A Thought I’ve Carried With Me For 23 Years

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A week ago I went in for my annual mammogram.  Because of a family history of breast cancer, I had a baseline mammogram at age 35. At the age of 40, I began getting my routine mammograms every year.

I received a notice in the mail yesterday letting me know the results.  All looked good. The only thing they noted on a separate pink slip of paper was that my breast tissue is considered dense.  It went on to say that “dense tissue is common and not abnormal. However, dense tissue can make it harder to evaluate the results of a mammogram and may also be associated with an increased risk of breast cancer.”  I wasn’t  sure what “dense” actually meant, so I did a Google search for more information. Here’s the answer I found:

“Breast density is not a measure of how the breasts feel, but rather how the breasts look on a mammogram. It compares the area of breast and connective tissue seen on a mammogram to the area of fat. Breast and connective tissue are denser than fat and this difference shows up on a mammogram… High breast density means there is a greater amount of breast and connective tissue compared to fat.”

While looking for this information I, unfortunately, found this statistic too:  Women with high breast density are six times more likely to get breast cancer.  After that I looked around a little more and that number dropped to 4-5 times more likely depending on what site I visited.

My mom and her mom both had breast cancer. When my grandmother was diagnosed she was treated and ended up living the rest of her years on earth cancer free.  My mom was diagnosed in 1986 when she was 50 years old. She had a mastectomy, radiation and chemotherapy. But, unfortunately, due to a rather late diagnosis, the cancer returned and metastasized into her bones. In 1991, after a long battle, my mom did pass away.

It’s interesting to me how I approach the idea of breast cancer.  Ever since my mom died, 23 years ago, I feel like I’ve carried with me (in the back of my mind) that matter-of-fact understanding that one day I might get that dreaded call from my doctor’s office with that diagnosis. It’s not like I’ve lived my years in fear of it, it’s just that a part of me would not be at all shocked if a doctor were to one day tell me I have it. The family history is there. I’m not being pessimistic. I just tend to look at things rationally like this.

One reason I don’t live in fear when I think about this is because I know that every case is different.  Being diagnosed with breast cancer is not a death sentence.  I know that in the last 23 years, awareness and prevention, early diagnosis, and incredible advances in medicine have greatly increased survival rates.  I also know many woman who are living in victory today. I am so thankful for this too.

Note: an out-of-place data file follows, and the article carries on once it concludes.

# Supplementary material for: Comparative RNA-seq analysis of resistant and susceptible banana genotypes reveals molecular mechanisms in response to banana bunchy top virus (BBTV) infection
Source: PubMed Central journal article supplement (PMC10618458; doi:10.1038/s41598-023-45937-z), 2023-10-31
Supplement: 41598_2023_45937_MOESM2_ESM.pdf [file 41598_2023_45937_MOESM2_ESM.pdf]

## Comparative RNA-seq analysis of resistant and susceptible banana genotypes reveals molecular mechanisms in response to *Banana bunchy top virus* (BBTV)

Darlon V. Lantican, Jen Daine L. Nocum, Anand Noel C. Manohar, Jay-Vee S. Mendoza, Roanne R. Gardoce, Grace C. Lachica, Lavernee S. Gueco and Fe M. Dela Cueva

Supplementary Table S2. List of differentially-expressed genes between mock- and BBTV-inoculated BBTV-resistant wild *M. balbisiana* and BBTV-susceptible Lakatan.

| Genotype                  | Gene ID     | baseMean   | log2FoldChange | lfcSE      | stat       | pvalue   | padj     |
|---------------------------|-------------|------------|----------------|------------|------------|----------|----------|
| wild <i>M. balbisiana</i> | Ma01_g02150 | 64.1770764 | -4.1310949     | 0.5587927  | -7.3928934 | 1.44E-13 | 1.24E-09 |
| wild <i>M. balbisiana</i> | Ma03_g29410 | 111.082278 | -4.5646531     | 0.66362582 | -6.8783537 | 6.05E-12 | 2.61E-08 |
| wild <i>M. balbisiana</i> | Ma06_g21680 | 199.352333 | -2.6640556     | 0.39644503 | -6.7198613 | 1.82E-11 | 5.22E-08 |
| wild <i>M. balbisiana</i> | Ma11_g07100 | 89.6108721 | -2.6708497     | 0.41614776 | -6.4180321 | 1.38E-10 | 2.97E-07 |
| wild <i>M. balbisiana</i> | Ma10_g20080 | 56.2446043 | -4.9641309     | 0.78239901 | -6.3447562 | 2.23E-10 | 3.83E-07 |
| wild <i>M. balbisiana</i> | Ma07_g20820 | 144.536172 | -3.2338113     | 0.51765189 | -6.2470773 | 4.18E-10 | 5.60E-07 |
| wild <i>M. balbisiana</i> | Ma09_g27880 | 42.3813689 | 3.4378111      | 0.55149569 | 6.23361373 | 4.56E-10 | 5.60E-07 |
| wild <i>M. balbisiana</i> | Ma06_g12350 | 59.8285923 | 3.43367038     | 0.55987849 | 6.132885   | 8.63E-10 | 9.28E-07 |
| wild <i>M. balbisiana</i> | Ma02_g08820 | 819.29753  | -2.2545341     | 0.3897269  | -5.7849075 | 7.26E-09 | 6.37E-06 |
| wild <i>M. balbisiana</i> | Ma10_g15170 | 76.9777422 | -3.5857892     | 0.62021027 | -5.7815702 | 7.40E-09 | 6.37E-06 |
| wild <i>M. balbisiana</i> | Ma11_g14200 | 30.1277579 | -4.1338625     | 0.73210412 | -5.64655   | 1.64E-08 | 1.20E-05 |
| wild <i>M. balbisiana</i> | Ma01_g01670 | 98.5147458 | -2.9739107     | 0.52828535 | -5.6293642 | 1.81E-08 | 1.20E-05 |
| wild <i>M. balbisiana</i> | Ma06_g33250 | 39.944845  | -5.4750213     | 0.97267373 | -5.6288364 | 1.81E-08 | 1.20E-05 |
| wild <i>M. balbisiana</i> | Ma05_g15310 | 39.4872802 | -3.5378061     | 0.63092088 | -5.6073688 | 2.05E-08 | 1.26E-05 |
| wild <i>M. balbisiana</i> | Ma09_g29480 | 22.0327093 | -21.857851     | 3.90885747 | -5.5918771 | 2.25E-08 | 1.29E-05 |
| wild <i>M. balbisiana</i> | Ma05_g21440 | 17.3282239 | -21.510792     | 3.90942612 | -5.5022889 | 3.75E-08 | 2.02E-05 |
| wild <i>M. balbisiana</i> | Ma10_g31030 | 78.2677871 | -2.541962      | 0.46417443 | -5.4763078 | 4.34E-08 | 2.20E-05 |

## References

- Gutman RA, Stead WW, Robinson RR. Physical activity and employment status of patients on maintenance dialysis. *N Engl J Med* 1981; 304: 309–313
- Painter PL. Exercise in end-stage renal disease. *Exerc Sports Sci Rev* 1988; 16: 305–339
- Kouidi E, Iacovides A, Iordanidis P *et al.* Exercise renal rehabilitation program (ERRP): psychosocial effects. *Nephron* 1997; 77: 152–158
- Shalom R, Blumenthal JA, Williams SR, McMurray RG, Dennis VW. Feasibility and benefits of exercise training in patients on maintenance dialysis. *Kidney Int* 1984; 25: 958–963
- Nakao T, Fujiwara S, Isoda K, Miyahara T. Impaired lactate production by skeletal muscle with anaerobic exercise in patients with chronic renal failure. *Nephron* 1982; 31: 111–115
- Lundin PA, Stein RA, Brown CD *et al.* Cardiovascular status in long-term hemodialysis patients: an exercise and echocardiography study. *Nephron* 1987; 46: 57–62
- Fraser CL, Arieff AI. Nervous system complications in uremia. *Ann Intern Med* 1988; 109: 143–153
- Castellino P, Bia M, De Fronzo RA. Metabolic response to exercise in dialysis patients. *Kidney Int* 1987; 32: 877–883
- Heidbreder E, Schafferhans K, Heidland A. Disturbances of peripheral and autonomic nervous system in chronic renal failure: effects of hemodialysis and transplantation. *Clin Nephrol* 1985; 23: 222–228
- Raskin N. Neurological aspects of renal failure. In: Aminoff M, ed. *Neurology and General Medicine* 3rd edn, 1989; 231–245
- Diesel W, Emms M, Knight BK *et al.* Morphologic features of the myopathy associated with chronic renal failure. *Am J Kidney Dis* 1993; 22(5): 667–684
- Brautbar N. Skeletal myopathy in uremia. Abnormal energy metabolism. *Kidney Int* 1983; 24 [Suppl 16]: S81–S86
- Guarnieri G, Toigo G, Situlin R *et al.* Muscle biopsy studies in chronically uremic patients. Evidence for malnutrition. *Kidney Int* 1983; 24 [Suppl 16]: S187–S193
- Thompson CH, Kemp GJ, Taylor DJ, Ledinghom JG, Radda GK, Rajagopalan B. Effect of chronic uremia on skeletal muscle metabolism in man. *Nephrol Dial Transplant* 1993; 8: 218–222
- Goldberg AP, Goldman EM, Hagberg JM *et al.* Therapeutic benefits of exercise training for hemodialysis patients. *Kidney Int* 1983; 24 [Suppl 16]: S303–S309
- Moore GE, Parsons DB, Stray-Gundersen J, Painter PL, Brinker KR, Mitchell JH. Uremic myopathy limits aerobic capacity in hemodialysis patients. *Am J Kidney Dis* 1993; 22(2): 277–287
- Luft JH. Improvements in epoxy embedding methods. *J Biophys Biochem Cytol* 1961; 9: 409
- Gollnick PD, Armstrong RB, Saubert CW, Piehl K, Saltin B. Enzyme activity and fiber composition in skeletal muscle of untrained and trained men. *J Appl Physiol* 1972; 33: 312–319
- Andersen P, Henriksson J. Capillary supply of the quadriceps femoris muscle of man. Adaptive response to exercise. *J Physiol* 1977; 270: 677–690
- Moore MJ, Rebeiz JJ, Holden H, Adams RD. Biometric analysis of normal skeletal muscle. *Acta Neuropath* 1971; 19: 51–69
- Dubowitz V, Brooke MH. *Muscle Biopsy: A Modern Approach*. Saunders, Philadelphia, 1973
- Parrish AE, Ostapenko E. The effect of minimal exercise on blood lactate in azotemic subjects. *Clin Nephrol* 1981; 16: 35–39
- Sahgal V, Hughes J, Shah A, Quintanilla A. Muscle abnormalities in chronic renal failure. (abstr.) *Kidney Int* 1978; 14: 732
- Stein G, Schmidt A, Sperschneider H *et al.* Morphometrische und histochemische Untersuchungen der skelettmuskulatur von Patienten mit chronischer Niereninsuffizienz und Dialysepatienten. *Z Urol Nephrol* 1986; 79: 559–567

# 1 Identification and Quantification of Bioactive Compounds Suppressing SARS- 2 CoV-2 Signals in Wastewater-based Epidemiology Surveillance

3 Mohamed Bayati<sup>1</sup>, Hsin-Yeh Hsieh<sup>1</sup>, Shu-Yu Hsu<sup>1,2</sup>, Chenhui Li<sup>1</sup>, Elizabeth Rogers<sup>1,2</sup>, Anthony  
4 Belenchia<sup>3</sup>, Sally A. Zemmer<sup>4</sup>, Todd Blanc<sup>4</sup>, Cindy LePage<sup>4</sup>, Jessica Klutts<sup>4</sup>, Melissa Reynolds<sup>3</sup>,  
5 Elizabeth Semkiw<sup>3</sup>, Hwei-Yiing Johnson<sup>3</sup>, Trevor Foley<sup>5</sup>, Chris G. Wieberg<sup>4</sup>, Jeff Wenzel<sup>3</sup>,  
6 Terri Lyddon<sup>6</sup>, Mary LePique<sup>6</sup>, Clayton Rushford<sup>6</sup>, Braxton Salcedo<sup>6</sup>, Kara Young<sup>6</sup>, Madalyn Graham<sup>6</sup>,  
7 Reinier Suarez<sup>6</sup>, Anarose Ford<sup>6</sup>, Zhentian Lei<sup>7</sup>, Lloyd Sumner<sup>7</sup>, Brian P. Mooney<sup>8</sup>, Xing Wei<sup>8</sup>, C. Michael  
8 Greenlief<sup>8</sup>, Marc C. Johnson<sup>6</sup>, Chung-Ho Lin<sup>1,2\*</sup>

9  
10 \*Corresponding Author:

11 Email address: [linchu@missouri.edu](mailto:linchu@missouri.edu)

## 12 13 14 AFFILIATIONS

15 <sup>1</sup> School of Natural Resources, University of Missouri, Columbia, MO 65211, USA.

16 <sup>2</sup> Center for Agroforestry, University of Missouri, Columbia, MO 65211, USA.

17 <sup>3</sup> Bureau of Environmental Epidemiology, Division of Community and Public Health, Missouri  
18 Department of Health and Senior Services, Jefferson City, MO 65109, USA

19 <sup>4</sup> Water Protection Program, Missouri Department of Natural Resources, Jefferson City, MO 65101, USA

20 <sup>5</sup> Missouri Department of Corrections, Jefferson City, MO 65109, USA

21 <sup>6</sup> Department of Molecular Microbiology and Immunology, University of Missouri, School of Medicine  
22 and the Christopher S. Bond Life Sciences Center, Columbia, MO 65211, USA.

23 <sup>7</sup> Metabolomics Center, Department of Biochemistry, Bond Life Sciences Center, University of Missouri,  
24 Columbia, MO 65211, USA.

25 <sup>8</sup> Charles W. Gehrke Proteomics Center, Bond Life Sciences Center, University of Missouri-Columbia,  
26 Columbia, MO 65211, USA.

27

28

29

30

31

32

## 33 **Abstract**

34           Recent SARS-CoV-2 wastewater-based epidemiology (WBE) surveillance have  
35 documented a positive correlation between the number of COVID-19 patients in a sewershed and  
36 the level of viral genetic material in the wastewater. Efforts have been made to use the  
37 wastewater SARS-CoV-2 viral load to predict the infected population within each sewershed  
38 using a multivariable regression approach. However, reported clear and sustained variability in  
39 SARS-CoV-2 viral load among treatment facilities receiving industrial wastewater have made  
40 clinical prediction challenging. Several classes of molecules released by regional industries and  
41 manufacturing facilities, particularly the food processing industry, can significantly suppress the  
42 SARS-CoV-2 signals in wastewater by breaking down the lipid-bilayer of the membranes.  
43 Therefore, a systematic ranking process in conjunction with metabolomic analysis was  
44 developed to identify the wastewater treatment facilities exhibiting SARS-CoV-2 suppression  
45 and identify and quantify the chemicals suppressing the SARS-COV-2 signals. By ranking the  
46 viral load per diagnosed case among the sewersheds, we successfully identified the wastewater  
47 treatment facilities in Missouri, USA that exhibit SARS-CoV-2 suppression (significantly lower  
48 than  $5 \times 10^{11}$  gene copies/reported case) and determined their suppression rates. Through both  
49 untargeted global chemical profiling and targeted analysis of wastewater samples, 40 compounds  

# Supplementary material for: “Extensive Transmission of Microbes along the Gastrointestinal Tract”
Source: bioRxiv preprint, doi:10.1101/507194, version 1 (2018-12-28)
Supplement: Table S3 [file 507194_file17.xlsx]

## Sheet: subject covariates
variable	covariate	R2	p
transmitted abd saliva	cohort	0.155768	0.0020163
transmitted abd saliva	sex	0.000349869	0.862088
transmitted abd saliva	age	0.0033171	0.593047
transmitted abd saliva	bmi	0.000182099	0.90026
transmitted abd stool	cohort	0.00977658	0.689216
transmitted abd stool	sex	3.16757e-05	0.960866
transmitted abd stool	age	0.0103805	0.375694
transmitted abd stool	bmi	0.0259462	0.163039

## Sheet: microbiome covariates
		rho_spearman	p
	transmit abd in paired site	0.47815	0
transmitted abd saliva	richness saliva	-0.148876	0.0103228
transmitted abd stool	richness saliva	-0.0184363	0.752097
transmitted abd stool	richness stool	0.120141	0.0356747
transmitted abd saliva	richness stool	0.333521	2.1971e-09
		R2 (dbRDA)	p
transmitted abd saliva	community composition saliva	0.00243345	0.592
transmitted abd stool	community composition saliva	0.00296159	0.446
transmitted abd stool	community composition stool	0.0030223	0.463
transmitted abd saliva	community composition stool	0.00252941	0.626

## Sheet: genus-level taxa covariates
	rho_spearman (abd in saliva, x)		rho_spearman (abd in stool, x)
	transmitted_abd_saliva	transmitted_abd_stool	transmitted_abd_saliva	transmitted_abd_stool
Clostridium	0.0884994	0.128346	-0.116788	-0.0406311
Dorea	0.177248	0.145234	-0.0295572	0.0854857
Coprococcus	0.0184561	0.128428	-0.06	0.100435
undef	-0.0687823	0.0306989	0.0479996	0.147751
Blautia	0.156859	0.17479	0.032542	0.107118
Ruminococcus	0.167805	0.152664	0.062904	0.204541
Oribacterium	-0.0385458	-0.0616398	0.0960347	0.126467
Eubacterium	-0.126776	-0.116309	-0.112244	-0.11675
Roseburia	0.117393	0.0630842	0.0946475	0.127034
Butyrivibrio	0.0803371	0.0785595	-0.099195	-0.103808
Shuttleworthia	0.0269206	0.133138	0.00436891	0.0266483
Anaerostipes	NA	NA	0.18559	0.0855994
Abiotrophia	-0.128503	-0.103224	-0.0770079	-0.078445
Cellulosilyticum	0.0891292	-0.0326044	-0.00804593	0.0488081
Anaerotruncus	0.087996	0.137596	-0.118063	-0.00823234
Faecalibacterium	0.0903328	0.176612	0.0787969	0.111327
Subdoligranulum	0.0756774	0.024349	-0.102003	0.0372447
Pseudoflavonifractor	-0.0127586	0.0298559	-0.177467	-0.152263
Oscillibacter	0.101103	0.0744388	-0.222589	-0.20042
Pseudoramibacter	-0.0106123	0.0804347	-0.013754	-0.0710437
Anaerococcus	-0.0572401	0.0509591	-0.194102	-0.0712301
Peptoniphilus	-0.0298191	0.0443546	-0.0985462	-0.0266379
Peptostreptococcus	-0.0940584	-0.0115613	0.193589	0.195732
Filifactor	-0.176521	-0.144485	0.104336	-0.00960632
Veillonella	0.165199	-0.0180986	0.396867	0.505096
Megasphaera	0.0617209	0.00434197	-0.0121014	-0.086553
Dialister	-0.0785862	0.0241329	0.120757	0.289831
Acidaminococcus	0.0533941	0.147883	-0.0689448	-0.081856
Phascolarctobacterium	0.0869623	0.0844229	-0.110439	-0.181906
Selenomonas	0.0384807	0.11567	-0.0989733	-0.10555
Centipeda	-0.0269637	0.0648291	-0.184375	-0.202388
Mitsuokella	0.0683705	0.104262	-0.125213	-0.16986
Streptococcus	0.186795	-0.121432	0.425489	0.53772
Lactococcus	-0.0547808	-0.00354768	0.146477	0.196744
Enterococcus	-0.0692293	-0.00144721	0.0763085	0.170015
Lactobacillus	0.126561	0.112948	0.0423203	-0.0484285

Still, I have to say, the closer I get to the age my mom was when she was diagnosed, the more often the idea of maybe one day being diagnosed with this disease crosses my mind. I even thought about it again today while out for a run.

This is one reason I felt compelled to read Margaret Feinberg’s new book Fight Back With Joy. Over the years, I have read several of Margaret’s books. I’ve been encouraged by all of them too. They tend to show up in my life right when I need to read them.

In Fight Back With Joy, Margaret takes us along on her battle with breast cancer. On the day she receives the dreaded call from the doctor’s office she bravely tells her husband, Leif, her desire is to fight back with joy. Through her difficult journey, Margaret teaches us that joy is a weapon. And we are encouraged to wield that weapon during the most challenging seasons of our lives.

There’s a chance I will develop breast cancer one day. There’s also a good chance it will never be a part of my story.  I, like each of you, have no clue how my days will play out.

But one thing I do know for sure is that I want to be spiritually prepared to fight any battle that may be waiting further up the road. I want my arsenal of weapons to be fully stocked and loaded.  And, the best way I can do that is to fill my mind and my heart, on an ongoing basis, with much-needed truth.

Personally, that’s what Margaret’s book has given me…more ammo to fight life’s battles with!

4 thoughts on “A Thought I’ve Carried With Me For 23 Years

    1. Eileen Post author

      Thank you, Margaret! I am always so encouraged going through your books/studies. Your thoughts on joy refresh my soul. Thanks for the reminder to keep fighting back in the small and the big!

      Reply

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